So, with ESAs, schools, or other vendors, are “held accountable” when they go out of business, leaving parents scrambling for a new placement. Great.

Later, when Ms. Finley noted that Arizona parents were buying courses from private schools a la carte, using co-ops and private tutors, and Mr Robinson questioned (at 1:04;12) “and are they all quality? That’s another story…” (raising his hands as if to say “we have know idea how to assess the quality of these programs”).

So, even these ESA proponents question the quality of services purchased with ESAs, yet they give no further advice on how to monitor such programs. That is apparently left for another discussion another day.

Finally, they have not yet found a constitutional way to fund Universal ESAs:

The final presenter was Grant Hewitt, Chief of Staff, Nevada State Treasurer’s Office, who oversees Nevada Universal ESA program, the most expansive in the country (31:30). The program is overseen by the Department of Treasury “because it is not an education program, it is a banking program.” In Nevada, they have enrolled 8,000 students, answering thousands of questions regarding what gets funded, but haven’t funded a single account yet. Why? Per Mr. Hewitt, “we have had some legal issues. We’re having to redo our funding formula.”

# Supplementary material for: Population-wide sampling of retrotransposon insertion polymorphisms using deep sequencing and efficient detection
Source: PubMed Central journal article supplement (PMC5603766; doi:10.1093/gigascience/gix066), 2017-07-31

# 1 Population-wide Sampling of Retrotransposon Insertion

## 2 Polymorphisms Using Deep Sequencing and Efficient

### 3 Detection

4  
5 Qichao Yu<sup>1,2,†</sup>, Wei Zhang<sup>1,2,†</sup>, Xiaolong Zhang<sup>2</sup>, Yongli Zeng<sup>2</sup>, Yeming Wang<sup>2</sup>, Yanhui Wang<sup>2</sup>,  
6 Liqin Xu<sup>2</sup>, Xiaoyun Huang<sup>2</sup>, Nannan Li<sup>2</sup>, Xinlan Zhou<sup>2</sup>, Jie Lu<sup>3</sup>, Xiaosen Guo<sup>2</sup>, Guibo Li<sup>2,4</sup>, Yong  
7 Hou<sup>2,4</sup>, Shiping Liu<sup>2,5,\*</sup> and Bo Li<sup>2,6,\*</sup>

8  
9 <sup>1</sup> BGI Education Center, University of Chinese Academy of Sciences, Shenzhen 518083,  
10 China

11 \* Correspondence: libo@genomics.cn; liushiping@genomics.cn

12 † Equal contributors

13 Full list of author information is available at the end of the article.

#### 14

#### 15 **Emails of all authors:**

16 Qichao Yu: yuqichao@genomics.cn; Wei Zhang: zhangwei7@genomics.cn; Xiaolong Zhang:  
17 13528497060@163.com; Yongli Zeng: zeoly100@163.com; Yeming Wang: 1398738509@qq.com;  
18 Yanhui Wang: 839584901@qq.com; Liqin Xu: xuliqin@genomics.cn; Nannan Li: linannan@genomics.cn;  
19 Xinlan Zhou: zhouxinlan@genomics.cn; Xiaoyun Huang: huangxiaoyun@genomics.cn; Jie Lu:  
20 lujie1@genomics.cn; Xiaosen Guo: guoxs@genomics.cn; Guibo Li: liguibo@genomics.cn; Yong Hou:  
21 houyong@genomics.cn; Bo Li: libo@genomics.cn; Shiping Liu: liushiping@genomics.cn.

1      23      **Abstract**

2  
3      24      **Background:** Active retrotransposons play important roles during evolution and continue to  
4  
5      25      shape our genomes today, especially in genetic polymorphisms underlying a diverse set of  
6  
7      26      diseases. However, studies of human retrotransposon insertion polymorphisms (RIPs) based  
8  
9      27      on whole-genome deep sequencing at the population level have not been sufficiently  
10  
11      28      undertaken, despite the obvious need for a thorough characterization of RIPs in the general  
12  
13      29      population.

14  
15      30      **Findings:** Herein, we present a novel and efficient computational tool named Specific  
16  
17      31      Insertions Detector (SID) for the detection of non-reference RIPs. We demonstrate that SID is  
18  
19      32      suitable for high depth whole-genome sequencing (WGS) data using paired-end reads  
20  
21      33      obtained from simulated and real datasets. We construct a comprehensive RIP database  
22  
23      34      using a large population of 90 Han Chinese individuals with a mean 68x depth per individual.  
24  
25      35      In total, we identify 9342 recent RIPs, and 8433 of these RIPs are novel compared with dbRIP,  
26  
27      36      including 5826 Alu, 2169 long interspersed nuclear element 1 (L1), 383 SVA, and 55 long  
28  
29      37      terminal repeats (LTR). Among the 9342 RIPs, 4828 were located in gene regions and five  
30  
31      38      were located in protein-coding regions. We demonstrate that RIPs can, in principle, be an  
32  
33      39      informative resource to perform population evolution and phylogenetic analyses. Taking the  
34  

To be clear, the constitutionality of the Nevada ESA was challenged in Court. In September 2016, the Nevada Supreme Court ruled the ESA Vouchers unconstitutional. The Court’s ruling made it clear that “the Nevada Legislature violated a constitutional prohibition against the use of public education funding for any purpose other than the operation of the public schools. The ESA voucher program would have diverted funds from the public schools for private education expenditures.”

Despite the court’s ruling, Mr. Hewitt remains undaunted (watch at 47:25). “I want to be real clear, in Nevada, the program is deemed to be constitutional by the Supreme Court of our state, we are administering that program up until the point of funding. All the Supreme Court in Nevada said is that our funding formula is not compliant, so we don’t have the means to fund the account but we do have the means to implement.” [For the record, 8,000 enrolled ESA student at $5,700 each, adds up to a $45.6 MILLION dollar annual program.)

So, Nevada’s “Banking Program” has no legal means of funding but implementation continues… At 51:20, Mr. Peshek further discusses the constitutionality of ESA programs. He claims the only remaining stumbling block is the funding stream and suggests they have legal groups searching through the Nevada Constitution to find other ways of funding the program.

I encourage you to follow the above links and watch these sessions. These are the “experts” in ESAs and they are clearly building the plane in the air.

ESAs are the “Wave of the Future” and they are coming to a state near you.